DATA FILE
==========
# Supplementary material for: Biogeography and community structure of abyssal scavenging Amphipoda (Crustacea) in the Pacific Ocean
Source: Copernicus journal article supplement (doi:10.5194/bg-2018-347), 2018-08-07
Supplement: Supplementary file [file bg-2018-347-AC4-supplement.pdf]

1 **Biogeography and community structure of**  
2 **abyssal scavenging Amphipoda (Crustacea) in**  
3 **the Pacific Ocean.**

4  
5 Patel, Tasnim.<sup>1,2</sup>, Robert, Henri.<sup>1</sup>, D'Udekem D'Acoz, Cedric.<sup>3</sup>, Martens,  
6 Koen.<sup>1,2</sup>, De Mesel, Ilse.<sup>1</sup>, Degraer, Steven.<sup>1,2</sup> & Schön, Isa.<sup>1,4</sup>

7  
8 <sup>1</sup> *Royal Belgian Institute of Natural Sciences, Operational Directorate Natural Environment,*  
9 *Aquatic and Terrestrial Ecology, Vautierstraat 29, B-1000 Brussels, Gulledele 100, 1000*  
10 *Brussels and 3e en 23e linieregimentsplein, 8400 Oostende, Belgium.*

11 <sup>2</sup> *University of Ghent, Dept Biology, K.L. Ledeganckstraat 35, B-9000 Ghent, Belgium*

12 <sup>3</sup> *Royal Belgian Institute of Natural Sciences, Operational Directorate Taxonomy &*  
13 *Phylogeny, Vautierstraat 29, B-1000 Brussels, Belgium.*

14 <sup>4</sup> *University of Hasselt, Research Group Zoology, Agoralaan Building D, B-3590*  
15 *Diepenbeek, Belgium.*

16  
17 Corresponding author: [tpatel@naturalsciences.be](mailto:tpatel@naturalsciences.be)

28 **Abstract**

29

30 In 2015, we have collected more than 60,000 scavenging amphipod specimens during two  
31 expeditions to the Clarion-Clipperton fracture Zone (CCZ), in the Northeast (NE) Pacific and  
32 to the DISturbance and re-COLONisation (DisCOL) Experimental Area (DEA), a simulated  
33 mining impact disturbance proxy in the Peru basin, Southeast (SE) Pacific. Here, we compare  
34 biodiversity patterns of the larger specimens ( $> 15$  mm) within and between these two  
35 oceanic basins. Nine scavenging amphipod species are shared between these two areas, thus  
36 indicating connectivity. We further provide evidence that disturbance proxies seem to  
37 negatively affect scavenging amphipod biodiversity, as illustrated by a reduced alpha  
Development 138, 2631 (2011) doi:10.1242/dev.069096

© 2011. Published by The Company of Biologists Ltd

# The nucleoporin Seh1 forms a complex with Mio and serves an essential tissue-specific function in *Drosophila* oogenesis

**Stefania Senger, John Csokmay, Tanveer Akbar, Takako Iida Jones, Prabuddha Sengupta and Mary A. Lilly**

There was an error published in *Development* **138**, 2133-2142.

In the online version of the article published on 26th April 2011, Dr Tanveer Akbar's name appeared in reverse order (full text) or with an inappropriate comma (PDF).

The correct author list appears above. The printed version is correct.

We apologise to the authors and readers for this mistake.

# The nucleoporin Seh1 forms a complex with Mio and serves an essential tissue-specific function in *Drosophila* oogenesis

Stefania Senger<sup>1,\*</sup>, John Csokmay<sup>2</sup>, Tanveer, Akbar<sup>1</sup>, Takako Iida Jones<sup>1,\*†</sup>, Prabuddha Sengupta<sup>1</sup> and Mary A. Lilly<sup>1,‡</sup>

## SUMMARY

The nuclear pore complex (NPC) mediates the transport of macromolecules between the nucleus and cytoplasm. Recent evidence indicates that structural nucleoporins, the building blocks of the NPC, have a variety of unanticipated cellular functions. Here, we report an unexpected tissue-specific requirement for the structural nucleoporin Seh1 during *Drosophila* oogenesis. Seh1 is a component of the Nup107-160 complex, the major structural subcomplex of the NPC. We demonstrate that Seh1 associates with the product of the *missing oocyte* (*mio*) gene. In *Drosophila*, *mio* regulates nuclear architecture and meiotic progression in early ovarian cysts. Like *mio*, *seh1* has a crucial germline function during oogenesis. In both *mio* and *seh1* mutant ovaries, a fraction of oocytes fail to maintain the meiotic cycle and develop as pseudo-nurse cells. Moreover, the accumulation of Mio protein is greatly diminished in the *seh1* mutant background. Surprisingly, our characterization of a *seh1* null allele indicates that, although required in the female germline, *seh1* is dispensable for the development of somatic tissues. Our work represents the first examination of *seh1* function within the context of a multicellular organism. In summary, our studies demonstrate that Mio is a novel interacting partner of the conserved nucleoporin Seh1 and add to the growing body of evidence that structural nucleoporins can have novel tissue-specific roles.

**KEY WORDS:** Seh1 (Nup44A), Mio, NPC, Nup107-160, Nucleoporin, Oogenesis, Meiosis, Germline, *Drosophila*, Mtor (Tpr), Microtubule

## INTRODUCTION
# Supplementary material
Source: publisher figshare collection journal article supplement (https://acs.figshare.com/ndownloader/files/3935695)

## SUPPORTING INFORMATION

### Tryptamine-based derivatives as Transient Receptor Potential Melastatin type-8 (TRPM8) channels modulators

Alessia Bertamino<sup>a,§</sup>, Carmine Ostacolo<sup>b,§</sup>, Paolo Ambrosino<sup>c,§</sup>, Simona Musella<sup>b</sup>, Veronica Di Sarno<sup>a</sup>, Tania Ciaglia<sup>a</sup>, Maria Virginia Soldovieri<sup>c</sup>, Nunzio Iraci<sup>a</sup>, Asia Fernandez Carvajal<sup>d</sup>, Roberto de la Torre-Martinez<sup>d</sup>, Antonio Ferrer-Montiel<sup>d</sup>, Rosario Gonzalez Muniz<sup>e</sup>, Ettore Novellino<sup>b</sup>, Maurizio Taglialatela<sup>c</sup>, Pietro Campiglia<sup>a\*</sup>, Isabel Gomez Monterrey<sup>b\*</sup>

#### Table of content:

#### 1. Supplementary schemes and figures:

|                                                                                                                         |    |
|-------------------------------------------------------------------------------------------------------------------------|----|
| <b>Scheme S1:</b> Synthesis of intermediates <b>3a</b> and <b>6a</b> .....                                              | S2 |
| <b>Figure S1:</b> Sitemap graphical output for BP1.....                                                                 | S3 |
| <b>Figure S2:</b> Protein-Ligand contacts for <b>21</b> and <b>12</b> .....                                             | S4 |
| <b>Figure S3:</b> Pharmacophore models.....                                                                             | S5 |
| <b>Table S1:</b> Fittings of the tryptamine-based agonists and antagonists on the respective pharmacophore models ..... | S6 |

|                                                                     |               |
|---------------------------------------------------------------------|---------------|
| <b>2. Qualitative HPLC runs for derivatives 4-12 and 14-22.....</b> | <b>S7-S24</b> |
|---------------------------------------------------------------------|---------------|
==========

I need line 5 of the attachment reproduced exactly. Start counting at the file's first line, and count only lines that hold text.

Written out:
2 **abyssal scavenging Amphipoda (Crustacea) in**  